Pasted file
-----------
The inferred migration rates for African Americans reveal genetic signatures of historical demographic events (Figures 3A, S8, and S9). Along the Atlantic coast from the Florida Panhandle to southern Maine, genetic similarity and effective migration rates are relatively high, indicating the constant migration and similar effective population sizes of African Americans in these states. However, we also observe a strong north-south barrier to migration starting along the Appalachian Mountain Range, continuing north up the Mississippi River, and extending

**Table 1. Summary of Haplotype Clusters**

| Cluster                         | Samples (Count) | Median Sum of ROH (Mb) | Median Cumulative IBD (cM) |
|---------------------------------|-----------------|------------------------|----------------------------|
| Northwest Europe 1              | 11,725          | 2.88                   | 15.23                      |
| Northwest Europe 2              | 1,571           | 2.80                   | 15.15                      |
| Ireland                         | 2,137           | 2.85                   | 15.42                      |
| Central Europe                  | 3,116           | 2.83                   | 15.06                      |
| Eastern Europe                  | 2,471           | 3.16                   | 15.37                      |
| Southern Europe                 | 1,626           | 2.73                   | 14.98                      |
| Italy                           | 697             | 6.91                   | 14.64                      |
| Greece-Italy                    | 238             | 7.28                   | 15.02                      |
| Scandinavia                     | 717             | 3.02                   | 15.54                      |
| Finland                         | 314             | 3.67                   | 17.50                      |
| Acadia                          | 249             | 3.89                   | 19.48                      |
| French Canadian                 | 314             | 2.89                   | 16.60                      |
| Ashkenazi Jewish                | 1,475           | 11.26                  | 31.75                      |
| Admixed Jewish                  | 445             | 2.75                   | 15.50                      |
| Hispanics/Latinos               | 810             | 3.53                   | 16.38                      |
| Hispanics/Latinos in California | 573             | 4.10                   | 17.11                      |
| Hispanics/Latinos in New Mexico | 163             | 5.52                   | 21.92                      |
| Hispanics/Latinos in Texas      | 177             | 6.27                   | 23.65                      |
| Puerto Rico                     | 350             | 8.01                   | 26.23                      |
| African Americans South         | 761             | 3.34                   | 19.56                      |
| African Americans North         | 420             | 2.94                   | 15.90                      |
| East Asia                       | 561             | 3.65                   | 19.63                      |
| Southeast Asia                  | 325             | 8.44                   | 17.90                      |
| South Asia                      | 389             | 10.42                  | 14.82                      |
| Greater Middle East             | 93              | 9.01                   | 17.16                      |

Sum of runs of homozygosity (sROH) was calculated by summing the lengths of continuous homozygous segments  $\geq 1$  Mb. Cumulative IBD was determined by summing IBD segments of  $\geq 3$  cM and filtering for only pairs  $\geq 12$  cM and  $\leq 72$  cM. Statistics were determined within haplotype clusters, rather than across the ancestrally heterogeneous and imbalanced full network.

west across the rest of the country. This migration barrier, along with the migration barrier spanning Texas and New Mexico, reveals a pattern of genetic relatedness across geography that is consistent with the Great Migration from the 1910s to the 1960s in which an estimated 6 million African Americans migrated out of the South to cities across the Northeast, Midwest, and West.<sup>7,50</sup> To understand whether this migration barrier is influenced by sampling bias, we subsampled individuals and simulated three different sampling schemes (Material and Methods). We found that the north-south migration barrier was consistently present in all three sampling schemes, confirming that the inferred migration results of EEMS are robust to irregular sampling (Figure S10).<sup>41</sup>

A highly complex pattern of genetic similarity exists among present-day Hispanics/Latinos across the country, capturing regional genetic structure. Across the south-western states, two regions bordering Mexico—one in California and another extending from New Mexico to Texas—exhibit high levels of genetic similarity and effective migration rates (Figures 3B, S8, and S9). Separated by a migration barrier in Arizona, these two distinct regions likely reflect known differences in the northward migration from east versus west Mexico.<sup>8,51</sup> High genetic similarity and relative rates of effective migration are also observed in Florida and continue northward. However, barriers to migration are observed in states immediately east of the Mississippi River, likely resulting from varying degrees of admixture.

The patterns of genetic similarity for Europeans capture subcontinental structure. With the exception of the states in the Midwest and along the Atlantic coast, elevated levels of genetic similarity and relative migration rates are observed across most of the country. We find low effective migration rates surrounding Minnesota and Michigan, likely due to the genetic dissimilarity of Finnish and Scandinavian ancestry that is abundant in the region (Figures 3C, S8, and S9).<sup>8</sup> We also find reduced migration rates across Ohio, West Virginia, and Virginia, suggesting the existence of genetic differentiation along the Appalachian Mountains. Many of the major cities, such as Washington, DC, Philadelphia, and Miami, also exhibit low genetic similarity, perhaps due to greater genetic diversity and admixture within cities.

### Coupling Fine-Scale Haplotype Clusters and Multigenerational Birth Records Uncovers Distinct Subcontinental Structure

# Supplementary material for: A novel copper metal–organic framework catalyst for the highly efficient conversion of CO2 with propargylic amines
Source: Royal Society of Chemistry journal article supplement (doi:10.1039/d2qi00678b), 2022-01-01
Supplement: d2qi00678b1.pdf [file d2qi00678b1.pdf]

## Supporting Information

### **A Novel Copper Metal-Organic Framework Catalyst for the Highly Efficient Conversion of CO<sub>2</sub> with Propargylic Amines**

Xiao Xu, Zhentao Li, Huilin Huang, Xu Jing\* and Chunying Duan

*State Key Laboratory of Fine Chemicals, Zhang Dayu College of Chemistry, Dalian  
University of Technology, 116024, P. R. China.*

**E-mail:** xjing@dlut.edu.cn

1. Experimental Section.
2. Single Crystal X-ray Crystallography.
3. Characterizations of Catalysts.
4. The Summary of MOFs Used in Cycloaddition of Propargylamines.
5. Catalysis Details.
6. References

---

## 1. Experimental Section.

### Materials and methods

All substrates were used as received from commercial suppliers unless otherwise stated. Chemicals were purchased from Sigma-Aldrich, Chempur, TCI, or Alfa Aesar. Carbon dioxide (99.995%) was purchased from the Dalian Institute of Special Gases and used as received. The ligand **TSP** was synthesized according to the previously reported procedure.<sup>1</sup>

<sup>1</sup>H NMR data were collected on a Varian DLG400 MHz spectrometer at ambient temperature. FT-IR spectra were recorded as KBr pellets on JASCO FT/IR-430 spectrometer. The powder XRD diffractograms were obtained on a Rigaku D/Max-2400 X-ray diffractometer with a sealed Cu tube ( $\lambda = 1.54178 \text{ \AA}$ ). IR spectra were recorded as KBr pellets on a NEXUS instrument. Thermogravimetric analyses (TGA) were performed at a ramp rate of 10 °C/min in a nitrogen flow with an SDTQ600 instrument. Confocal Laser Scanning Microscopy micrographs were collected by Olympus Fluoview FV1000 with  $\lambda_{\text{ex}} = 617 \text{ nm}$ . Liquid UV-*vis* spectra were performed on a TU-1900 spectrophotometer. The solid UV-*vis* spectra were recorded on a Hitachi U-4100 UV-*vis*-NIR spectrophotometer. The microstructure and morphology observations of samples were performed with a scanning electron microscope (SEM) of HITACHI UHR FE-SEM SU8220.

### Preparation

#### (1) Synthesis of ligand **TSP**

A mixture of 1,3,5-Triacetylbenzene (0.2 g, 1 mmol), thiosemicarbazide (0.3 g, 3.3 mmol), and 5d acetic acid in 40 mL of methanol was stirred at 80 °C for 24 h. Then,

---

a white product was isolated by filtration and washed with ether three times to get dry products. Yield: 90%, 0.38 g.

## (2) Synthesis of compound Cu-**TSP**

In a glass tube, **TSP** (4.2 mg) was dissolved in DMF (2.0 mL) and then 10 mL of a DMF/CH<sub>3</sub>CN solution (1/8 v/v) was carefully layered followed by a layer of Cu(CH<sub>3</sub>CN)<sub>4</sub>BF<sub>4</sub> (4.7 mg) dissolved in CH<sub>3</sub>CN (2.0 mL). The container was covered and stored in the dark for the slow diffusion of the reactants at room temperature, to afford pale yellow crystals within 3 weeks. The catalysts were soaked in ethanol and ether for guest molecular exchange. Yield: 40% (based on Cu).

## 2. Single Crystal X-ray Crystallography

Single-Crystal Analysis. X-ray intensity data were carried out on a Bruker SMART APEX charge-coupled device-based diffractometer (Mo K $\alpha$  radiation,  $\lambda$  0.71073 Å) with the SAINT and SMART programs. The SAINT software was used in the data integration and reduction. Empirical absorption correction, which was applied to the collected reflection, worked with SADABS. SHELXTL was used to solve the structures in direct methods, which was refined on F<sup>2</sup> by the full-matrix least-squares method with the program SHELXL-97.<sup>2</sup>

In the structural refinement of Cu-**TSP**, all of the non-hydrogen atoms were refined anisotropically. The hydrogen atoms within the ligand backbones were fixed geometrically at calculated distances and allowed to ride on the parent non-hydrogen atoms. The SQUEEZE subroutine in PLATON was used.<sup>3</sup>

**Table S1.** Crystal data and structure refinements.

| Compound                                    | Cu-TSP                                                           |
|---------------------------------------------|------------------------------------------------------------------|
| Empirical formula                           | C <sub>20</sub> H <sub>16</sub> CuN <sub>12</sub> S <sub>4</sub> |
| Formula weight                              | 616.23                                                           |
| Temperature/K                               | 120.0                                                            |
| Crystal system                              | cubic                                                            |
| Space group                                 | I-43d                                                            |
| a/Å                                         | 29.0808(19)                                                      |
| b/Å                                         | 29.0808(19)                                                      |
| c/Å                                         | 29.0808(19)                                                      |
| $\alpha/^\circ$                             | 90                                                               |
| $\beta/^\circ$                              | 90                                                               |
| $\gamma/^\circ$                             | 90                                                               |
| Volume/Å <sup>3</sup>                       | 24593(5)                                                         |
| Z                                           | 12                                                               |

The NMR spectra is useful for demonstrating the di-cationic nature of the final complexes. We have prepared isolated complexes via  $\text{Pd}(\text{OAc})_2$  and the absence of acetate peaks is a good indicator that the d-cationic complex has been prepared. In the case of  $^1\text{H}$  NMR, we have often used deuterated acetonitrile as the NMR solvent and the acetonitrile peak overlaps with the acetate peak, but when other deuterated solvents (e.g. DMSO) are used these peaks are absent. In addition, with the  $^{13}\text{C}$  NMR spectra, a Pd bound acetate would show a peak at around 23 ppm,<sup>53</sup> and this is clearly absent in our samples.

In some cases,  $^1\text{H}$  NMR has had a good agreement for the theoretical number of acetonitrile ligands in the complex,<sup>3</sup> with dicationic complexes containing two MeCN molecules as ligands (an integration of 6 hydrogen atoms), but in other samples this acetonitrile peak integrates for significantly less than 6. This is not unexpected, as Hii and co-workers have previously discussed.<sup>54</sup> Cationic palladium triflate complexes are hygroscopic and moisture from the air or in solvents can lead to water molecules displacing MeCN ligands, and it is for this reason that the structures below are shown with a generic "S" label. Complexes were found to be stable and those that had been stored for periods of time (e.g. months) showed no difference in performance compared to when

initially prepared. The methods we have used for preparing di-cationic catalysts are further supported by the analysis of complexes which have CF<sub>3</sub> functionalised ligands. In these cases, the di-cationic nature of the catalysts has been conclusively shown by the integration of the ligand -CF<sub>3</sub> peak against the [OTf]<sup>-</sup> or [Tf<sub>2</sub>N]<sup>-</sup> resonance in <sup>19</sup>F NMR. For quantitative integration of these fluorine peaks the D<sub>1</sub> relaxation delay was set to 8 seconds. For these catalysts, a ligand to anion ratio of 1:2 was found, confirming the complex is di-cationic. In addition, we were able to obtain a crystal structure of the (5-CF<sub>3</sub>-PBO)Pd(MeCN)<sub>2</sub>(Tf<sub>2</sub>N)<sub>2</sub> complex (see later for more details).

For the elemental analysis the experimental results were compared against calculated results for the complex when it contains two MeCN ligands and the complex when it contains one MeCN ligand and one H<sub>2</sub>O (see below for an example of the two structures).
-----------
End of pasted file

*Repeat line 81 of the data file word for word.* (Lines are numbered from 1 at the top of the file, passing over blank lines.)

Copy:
The NMR spectra is useful for demonstrating the di-cationic nature of the final complexes. We have prepared isolated complexes via  $\text{Pd}(\text{OAc})_2$  and the absence of acetate peaks is a good indicator that the d-cationic complex has been prepared. In the case of  $^1\text{H}$  NMR, we have often used deuterated acetonitrile as the NMR solvent and the acetonitrile peak overlaps with the acetate peak, but when other deuterated solvents (e.g. DMSO) are used these peaks are absent. In addition, with the  $^{13}\text{C}$  NMR spectra, a Pd bound acetate would show a peak at around 23 ppm,<sup>53</sup> and this is clearly absent in our samples.